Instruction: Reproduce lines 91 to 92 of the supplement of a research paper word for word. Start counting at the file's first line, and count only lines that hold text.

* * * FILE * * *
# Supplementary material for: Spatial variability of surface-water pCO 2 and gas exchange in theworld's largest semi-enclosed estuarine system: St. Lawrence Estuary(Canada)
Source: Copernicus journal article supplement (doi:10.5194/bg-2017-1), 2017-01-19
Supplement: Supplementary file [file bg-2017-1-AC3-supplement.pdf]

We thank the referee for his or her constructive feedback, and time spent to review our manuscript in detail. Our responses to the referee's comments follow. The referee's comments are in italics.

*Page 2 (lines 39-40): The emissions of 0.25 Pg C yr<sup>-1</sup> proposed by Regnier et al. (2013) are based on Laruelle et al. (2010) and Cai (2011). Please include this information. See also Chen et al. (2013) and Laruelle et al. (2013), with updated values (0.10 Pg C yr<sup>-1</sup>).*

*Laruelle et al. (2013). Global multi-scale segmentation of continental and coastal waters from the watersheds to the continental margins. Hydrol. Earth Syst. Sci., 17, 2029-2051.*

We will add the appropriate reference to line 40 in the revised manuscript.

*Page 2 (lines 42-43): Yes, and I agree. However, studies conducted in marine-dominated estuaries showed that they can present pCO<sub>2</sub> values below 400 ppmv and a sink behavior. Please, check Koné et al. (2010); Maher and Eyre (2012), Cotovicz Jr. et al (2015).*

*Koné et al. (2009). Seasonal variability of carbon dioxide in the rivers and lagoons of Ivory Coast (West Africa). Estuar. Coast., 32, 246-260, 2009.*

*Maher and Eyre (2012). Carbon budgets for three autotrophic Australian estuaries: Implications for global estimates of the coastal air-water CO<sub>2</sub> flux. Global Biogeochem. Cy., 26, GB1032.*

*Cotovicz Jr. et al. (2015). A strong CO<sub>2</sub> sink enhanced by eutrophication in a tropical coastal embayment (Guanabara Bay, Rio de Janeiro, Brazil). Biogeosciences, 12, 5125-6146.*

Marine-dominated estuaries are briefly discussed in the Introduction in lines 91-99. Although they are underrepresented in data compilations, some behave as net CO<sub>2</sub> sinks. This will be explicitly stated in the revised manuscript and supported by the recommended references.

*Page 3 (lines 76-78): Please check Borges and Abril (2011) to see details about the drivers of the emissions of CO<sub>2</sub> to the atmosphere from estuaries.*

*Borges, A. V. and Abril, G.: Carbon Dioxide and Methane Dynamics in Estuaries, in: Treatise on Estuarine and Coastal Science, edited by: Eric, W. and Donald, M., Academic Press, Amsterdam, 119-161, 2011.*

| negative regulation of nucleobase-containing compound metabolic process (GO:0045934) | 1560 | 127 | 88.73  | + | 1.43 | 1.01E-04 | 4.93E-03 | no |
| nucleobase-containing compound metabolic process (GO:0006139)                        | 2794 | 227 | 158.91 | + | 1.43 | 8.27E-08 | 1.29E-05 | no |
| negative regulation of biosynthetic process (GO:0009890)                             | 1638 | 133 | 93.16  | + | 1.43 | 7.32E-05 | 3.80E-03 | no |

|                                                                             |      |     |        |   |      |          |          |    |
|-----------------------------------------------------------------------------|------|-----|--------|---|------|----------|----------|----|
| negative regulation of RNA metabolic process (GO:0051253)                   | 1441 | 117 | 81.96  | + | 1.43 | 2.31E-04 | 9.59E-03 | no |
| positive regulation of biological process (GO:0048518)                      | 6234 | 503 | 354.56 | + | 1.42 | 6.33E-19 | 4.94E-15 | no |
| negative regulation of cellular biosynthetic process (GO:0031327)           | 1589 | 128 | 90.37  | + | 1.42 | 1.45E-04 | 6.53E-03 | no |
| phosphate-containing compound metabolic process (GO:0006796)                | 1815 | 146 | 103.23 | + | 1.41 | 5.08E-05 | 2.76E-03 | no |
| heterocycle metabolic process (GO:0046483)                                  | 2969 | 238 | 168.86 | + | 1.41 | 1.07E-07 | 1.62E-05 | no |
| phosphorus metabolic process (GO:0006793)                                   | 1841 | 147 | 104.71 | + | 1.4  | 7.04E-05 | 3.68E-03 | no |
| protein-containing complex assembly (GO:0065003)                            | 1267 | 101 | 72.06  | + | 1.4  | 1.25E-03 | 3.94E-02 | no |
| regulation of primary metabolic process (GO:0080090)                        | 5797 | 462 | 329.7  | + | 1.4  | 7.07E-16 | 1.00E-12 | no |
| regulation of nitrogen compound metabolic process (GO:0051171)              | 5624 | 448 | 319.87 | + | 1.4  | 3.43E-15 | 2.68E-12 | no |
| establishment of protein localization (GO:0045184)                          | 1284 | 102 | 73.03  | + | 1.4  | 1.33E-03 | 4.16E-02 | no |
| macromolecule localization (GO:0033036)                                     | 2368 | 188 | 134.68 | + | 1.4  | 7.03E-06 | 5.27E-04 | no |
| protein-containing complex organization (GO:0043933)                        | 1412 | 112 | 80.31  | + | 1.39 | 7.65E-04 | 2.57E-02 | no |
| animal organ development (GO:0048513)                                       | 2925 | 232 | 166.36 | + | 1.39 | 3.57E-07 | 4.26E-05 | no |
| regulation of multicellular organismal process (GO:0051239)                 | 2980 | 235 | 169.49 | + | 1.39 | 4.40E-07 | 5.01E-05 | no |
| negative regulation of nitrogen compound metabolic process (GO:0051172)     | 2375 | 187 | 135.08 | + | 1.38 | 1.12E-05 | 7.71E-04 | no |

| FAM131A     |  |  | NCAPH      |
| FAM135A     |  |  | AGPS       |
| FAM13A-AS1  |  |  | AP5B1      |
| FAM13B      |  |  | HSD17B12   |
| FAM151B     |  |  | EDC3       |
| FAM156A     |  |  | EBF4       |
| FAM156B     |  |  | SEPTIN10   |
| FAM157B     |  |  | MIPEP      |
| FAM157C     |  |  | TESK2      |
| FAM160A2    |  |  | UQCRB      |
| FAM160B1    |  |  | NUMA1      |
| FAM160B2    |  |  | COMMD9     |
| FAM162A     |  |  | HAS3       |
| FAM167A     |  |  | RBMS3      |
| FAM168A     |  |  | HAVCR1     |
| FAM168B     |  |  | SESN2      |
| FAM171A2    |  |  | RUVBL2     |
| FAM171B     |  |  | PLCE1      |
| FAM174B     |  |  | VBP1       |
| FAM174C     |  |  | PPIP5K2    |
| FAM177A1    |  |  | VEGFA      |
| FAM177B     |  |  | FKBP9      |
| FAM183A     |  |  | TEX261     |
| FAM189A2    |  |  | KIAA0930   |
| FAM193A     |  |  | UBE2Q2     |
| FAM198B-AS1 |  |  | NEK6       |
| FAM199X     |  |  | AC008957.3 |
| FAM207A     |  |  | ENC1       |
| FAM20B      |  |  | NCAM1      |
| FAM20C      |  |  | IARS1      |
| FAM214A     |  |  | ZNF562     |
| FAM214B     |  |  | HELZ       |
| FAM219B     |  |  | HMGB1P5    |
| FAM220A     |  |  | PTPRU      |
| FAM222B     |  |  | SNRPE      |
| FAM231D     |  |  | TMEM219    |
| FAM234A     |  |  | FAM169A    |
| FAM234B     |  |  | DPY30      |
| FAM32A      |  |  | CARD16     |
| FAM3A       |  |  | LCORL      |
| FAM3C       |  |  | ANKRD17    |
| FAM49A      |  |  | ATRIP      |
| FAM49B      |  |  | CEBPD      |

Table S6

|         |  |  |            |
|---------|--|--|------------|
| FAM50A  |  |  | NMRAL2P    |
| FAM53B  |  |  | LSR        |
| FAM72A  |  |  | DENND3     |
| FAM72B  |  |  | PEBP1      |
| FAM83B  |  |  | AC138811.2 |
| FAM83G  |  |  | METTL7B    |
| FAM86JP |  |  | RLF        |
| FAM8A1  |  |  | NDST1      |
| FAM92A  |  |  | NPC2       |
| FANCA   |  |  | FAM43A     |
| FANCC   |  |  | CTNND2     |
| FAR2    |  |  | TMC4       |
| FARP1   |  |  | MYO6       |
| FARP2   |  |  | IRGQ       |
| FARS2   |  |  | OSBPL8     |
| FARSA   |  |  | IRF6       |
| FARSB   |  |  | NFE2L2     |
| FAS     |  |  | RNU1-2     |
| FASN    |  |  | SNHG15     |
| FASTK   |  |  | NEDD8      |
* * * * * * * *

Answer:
| FANCC   |  |  | CTNND2     |
| FAR2    |  |  | TMC4       |